NEW YORK: The News’ investigative journalist, Umar Cheema, the winner of 2011 Free Speech Award, has formally received this honour in a ceremony organised at Syracuse University by The Tully Free Speech Centre that each year selects a journalist, from a pool of nominees, who would have bravely faced threats to free speech.
Other nominees considered together with Cheema for this award were big names like US journalist Bob Woodruff of ABC News, Joao Silva of The New York Times, Premesh Chandran and Steven Gan of Malaysiakini.com, Shubhranshu Choudhary of CGnet Swara, Oleg Kashin of Kommersant, Gwen Lister of The Namibian, Chouchou Namegabe of South Kivu Association of Women Journalists, Olena Prytula of Ukrainska Pravda, Yoani Sanchez of Generacion Y, Veton Surroi of Koha Ditore and others.
The award ceremony was attended by professors of Syracuse University, students and editors of newspapers. Randy Smith, the director of journalism centre in Missouri University and president of Alfred Friendly Press Fellowship, travelled all the way to Syracuse delivering introductory remarks of Cheema in the ceremony. Randy has also arranged for Cheema’s lectures and talks in Missouri University next week.
Roy S Gutterman, director of The Tully Centre for Free Speech, paying rich tributes to Cheema’s work said: “Even after dealing with a brutal beating and life threats, Cheema still expresses his First Amendment rights, freedom of speech and of the press, by continuing his investigative journalism with The News.”
It takes a lot of bravery, dealing with threats, to produce that kind of journalism, Gutterman said. “We hold events, like this one, intended to give free speech some light because it is something that we deeply value here at Newhouse School of Journalism.”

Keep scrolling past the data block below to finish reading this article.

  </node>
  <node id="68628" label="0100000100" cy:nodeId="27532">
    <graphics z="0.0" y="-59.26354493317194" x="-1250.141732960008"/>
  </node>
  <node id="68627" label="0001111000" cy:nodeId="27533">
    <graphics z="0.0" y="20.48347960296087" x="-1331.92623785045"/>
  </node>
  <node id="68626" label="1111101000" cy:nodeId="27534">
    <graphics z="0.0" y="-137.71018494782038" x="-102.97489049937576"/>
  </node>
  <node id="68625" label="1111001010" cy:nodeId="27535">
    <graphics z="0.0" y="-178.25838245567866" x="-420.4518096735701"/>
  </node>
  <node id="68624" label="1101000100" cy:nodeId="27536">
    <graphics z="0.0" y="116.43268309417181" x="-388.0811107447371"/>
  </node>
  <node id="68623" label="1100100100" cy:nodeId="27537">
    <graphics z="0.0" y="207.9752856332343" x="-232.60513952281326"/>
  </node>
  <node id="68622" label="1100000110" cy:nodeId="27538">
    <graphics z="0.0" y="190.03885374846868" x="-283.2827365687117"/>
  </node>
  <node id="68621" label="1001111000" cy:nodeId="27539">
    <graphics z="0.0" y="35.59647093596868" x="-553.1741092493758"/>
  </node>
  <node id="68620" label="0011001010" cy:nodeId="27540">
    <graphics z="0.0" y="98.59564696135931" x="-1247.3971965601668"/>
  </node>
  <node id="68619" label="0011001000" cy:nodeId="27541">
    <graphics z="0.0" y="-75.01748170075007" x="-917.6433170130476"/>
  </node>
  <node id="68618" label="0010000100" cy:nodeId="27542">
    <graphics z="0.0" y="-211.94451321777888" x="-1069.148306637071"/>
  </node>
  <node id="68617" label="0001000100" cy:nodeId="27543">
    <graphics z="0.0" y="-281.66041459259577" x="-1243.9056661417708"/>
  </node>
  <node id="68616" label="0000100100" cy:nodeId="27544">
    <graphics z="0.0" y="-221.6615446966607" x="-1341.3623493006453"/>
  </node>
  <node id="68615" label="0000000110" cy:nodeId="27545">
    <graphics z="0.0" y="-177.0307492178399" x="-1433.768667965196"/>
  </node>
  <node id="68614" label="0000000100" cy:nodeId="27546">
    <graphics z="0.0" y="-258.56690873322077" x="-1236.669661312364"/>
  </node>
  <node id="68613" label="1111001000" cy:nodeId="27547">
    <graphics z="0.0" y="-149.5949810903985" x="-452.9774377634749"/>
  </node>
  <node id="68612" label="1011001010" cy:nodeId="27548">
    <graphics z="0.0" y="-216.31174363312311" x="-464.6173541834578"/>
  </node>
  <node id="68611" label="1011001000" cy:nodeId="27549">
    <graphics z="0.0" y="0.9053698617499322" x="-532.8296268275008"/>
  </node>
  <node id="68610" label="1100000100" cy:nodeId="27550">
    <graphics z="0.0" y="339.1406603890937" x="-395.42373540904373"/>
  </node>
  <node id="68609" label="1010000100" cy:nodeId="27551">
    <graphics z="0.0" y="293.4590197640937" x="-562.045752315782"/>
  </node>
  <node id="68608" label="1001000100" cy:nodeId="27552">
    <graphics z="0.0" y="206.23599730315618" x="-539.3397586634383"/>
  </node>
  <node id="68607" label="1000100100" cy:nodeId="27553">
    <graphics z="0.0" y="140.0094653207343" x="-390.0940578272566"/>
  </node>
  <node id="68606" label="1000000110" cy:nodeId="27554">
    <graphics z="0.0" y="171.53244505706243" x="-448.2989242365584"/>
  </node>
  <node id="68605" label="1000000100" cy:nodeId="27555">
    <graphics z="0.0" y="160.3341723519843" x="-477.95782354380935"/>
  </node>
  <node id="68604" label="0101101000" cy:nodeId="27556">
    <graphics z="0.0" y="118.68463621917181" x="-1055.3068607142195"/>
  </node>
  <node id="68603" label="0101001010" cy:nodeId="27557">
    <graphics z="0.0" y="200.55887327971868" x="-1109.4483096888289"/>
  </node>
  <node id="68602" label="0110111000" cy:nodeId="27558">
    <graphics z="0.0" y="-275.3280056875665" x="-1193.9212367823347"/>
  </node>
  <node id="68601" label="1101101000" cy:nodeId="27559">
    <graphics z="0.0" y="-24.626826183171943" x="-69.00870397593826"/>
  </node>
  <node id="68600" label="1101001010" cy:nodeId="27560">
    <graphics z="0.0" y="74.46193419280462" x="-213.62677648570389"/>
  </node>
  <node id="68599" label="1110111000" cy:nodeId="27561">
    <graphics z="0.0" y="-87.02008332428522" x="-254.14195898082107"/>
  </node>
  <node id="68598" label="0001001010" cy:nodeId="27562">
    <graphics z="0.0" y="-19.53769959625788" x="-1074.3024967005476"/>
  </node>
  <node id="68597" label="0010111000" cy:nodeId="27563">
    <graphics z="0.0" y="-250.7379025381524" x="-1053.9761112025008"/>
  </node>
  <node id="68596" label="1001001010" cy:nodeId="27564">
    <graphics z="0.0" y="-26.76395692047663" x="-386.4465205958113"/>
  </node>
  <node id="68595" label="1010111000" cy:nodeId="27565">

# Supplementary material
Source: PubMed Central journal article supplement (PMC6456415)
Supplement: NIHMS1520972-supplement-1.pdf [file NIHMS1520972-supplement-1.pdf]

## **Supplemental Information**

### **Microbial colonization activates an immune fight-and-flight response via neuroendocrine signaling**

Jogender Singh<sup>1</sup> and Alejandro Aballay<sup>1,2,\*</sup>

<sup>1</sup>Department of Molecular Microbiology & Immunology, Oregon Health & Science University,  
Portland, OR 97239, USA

Liz Woolery, a research assistant for the Tully Centre and second-year media studies graduate student, said there were some strong nominees this year, each with a unique and powerful story to tell. “But Cheema’s story is an incredibly compelling one, because his abduction was recent.” Pakistan is considered one of the deadliest countries for members of the press worldwide, according to the Committee to Protect Journalists, Woolery said.
The job of the Tully Centre is to educate and provide resources to encourage a better understanding and appreciation for free speech, Woolery said.
Previous winners of the Tully Free Speech Award are Lydia Cacho, a Mexican journalist, Barry Bearak, a New York Times reporter in South Africa; Frank Chikowore, Zimbabwean journalist; and Aboubakr Jamai, Moroccan publisher, 2008.
The Post-Standard, the biggest newspaper in Syracuse, covering the award ceremony has noted: “Cheema’s reporting on politics, national security and corruption for “The News” in Islamabad has angered authorities, exposing Cheema to violence and repeated intimidation.”
During an evening talk on campus, Cheema described how he was abducted near his home last September by men in military fatigues. He was blindfolded, handcuffed, driven to an abandoned building, stripped, whipped and beaten. He refused to apologise for his stories or reveal his sources, reported The Post-Standard.
Speaking on the occasion, Cheema offered his deepest thanks for having been honoured with the Free Speech Award. He said that media and judiciary in Pakistan have emerged as the greatest rays of hope for common people in this doom and gloom scenario when corruption, bad governance and terrorism are rampant in Pakistan. He said the journalists and media groups have been targeted by the government.
Cheema said that Jang Group, the biggest media house in Pakistan, has been continuously punished by the previous and present regime for the group’s editorial policy critical towards the government.
In addition to Syracuse University, Cheema will also travel to Columbia University, Harvard University, Missouri University, and Florida University for delivering lectures on journalism and political situation in Pakistan.